As some residents believed, a rural cemetery helped elevate Americus from a courthouse town to a respectable city. It was no coincidence that the first railroad, the first newspaper, and the first public calls for a new cemetery came almost at once. One of the most outspoken local advocates was South Carolinian Charles W. Hancock, editor of the Sumter Republican. Hancock, too, arrived in town about that year and he moved into a two-story Gothic Revival house owned by C. J. Malone on College (then called “Hill”) Street. According to local tradition, Malone offered the house to Charles and Amanda (Graham) Hancock as an incentive to come to Americus. A decade later, Malone transferred the title to Amanda who had deeper roots in the community. The house’s architecture may have appealed to the Hancocks’ tastes. The popularity of Gothic Revival architecture and rural cemeteries overlapped in the mid-nineteenth century.

 

The Rural Cemetery Campaign

Only months after establishing the Sumter Republican, Hancock bemoaned the condition of the existing cemetery on Forsyth Street. “The dilapidated condition of this sacred spot,” he opined, “is indeed truly humiliating, and ought to awaken our citizens to a sense of their duty.” For Hancock, a modern cemetery was a place for both the dead and the living, locals and visitors. “A visit to a graveyard should do the heart as much good as the best sermon ever delivered,” Hancock asserted. “We love to visit this sacred spot. We love to see it look as if those resting within it were not forgotten by those whom they loved in life.” Hancock envisioned a place where people might both mourn and picnic.

Hancock’s calls for a modern cemetery grew louder in the summer of 1854 as the railroad neared and a building boom expanded the city. He wrote, “Our graveyard (for it does not deserve the name of a cemetery) at its present state is really a burning disgrace to any civilized community.” In his word choices—”disgrace” and “civilized”—Hancock guilted local leaders into action. “We use strong language, but we think the occasion warrants it,” Hancock admitted. “Our dead are buried almost promiscuously, and there is not even a fence (except a few private enclosures) to protect their graves from the intrusions of horses, cattle, and hogs.”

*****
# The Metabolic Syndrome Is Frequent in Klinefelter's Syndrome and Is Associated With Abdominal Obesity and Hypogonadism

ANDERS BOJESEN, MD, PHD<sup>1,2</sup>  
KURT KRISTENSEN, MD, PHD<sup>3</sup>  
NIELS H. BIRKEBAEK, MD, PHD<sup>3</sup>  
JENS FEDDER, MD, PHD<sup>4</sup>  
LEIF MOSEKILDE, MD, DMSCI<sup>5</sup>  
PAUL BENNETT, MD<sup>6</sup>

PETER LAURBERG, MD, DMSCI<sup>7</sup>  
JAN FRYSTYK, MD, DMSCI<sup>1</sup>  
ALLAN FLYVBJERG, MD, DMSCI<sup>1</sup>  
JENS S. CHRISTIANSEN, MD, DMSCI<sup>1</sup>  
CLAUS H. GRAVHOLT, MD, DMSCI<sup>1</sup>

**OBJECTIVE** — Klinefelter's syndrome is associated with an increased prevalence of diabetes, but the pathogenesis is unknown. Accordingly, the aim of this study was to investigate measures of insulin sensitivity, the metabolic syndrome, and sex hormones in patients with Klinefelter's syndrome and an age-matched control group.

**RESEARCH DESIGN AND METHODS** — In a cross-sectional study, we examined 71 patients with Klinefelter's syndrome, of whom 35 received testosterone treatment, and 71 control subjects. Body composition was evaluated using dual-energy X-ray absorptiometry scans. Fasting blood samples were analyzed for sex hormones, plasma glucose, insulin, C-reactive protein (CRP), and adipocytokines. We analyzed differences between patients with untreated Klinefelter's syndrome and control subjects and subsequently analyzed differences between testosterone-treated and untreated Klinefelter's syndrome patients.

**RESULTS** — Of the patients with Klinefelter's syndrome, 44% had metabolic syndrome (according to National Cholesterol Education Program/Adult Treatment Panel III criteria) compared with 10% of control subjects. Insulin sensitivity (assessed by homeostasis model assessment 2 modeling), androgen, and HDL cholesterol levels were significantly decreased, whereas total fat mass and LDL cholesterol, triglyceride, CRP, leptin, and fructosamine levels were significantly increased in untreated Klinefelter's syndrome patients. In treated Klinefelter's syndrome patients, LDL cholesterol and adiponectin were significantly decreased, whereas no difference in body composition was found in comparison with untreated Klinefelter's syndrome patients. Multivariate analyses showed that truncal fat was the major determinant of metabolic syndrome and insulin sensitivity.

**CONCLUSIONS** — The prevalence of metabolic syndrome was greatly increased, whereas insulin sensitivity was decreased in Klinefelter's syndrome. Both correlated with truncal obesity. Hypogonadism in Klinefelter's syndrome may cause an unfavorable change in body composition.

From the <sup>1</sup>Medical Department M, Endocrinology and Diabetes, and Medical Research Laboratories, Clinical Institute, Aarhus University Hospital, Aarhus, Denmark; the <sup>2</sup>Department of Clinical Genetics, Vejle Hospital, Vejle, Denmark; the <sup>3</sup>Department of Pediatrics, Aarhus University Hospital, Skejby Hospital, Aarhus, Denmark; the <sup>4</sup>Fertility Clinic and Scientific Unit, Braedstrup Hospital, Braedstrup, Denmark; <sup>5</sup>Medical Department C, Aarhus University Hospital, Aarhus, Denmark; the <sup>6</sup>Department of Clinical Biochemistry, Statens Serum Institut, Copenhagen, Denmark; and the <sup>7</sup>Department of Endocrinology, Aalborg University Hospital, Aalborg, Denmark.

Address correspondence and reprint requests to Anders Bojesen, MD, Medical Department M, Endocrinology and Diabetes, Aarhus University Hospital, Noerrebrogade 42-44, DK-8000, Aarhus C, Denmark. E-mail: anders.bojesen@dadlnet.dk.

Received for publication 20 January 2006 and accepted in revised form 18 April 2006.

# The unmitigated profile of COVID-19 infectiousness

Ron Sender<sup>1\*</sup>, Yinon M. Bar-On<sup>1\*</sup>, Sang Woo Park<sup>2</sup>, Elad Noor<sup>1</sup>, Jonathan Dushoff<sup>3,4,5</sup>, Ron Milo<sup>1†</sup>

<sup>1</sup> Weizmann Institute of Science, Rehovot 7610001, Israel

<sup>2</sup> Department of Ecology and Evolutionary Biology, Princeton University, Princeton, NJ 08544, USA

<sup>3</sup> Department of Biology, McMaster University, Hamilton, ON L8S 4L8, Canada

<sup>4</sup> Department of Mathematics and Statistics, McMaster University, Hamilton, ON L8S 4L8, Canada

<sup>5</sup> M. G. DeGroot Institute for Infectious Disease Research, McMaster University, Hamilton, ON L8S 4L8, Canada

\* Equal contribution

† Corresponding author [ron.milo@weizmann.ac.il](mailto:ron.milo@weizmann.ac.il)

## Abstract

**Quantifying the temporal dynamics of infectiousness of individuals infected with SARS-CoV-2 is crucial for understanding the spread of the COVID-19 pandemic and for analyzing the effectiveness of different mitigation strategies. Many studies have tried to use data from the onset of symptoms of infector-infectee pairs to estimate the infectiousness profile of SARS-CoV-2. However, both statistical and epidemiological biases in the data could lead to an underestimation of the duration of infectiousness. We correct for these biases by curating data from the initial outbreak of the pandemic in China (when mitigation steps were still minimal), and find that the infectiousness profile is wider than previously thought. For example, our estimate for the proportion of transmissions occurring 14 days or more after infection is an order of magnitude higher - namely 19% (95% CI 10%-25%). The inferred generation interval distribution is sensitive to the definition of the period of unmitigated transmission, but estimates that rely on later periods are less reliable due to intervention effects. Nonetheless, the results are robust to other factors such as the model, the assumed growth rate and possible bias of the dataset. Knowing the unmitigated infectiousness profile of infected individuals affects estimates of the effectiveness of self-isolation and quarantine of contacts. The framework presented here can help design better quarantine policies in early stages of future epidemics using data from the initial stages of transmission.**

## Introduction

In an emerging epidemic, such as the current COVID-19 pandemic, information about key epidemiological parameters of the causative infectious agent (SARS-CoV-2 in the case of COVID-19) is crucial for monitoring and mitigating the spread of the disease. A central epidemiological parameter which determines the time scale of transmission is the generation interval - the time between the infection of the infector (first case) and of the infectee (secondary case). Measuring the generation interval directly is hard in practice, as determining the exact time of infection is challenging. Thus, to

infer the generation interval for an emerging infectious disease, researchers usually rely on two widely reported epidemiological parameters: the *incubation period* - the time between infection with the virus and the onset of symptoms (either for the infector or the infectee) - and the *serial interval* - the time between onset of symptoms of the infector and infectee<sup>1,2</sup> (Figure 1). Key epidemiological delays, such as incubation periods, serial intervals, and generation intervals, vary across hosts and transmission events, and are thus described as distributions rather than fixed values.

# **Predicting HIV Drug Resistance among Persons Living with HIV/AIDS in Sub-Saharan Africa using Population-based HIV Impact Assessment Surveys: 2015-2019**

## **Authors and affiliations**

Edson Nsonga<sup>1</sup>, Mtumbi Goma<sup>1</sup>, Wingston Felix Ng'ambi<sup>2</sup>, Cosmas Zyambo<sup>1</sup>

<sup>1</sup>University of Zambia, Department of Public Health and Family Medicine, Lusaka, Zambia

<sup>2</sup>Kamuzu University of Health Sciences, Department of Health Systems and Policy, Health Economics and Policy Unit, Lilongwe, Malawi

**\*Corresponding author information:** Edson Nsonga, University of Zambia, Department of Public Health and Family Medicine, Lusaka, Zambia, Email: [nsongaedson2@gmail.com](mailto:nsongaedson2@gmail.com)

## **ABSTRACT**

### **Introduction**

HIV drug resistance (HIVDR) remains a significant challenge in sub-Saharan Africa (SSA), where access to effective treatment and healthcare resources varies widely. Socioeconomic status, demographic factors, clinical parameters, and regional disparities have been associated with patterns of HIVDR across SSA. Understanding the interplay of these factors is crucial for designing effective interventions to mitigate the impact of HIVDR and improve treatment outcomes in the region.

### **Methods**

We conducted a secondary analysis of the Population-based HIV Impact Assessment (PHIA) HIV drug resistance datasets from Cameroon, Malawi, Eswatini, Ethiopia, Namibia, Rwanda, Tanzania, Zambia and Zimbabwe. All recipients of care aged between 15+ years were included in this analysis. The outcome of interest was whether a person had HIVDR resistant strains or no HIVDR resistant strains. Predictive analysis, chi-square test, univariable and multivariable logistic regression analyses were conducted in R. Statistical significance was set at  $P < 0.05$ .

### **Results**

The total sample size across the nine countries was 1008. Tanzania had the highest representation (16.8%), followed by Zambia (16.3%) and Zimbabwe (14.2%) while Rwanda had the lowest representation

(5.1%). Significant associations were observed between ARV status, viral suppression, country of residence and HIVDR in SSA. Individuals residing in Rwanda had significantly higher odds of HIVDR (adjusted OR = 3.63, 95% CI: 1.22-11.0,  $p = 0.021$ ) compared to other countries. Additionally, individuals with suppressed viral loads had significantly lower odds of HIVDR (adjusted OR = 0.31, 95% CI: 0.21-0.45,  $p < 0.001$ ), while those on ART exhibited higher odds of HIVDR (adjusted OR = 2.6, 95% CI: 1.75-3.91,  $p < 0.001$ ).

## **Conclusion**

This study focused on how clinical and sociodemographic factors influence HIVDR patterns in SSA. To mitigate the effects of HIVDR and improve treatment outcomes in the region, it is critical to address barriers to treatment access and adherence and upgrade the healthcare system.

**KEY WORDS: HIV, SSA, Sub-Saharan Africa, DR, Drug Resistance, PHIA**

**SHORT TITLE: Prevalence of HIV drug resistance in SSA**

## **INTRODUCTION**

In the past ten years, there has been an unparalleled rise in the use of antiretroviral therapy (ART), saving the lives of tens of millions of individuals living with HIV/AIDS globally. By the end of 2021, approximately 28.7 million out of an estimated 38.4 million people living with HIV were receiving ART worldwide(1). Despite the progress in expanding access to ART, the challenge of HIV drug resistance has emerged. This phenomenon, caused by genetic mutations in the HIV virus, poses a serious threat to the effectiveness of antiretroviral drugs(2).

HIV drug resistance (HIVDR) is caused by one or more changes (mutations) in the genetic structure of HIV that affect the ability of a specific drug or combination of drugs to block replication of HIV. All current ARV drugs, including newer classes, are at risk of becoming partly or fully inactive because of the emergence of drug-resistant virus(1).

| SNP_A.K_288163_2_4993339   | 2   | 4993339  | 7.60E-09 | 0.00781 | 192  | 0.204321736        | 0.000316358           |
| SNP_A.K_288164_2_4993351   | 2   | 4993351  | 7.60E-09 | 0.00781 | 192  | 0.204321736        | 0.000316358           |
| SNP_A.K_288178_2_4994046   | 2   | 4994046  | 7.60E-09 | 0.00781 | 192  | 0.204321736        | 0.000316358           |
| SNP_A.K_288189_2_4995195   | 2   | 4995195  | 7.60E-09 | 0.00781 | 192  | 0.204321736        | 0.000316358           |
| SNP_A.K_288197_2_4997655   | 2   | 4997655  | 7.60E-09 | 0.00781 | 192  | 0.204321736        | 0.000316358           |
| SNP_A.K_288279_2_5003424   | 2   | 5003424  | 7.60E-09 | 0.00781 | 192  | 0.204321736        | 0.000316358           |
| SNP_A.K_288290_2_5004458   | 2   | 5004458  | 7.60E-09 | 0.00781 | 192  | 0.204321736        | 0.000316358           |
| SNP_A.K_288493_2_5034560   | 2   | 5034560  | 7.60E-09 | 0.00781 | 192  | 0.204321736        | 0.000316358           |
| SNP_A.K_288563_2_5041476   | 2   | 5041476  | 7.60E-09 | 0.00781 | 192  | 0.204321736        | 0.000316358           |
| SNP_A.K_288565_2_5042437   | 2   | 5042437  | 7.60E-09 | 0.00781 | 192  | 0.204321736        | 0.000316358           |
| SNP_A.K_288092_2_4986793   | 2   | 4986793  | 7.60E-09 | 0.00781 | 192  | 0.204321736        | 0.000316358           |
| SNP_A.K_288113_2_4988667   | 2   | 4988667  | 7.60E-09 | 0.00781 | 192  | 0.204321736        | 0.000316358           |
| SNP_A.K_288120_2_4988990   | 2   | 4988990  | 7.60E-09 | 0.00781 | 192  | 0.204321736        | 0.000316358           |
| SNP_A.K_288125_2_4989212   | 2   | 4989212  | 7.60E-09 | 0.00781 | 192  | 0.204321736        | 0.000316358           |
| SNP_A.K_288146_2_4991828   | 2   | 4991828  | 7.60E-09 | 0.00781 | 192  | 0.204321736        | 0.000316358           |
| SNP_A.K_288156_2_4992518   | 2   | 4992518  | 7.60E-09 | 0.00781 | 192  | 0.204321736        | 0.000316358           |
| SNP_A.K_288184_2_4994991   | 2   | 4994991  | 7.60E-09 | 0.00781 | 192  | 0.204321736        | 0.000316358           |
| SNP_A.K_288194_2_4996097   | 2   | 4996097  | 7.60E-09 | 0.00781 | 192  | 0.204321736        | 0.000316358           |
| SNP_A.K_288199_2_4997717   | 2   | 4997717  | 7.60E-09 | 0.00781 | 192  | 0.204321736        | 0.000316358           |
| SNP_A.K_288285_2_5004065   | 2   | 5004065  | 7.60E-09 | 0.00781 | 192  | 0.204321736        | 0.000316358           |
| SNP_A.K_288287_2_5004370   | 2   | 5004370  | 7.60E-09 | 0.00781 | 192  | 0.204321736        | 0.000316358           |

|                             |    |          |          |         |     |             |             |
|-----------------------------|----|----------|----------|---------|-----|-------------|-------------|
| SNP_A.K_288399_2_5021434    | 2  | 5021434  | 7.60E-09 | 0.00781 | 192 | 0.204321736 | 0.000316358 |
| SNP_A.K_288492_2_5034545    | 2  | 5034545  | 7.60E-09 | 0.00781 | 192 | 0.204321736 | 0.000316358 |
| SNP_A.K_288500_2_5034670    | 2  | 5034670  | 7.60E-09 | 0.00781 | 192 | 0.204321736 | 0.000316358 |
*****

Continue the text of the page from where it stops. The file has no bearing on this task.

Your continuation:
In Hancock’s plan, a “civilized” cemetery had to look and feel different from the existing graveyard. He suggested buying “some five or six acres” within a mile of the courthouse. “Let this lot be enclosed,” he wrote, “and a portion of it reserved for the poor who are unable to buy and another portion for the colored population.” In Hancock’s vision, the funding for landscaping, planting trees, and upkeep would come from the sale of the best plots to the wealthiest families. The cemetery would become “an attractive resort, not only for our own citizens, but for strangers who are constantly visiting our village.” What was good for the city and its residents would also appeal to outsiders.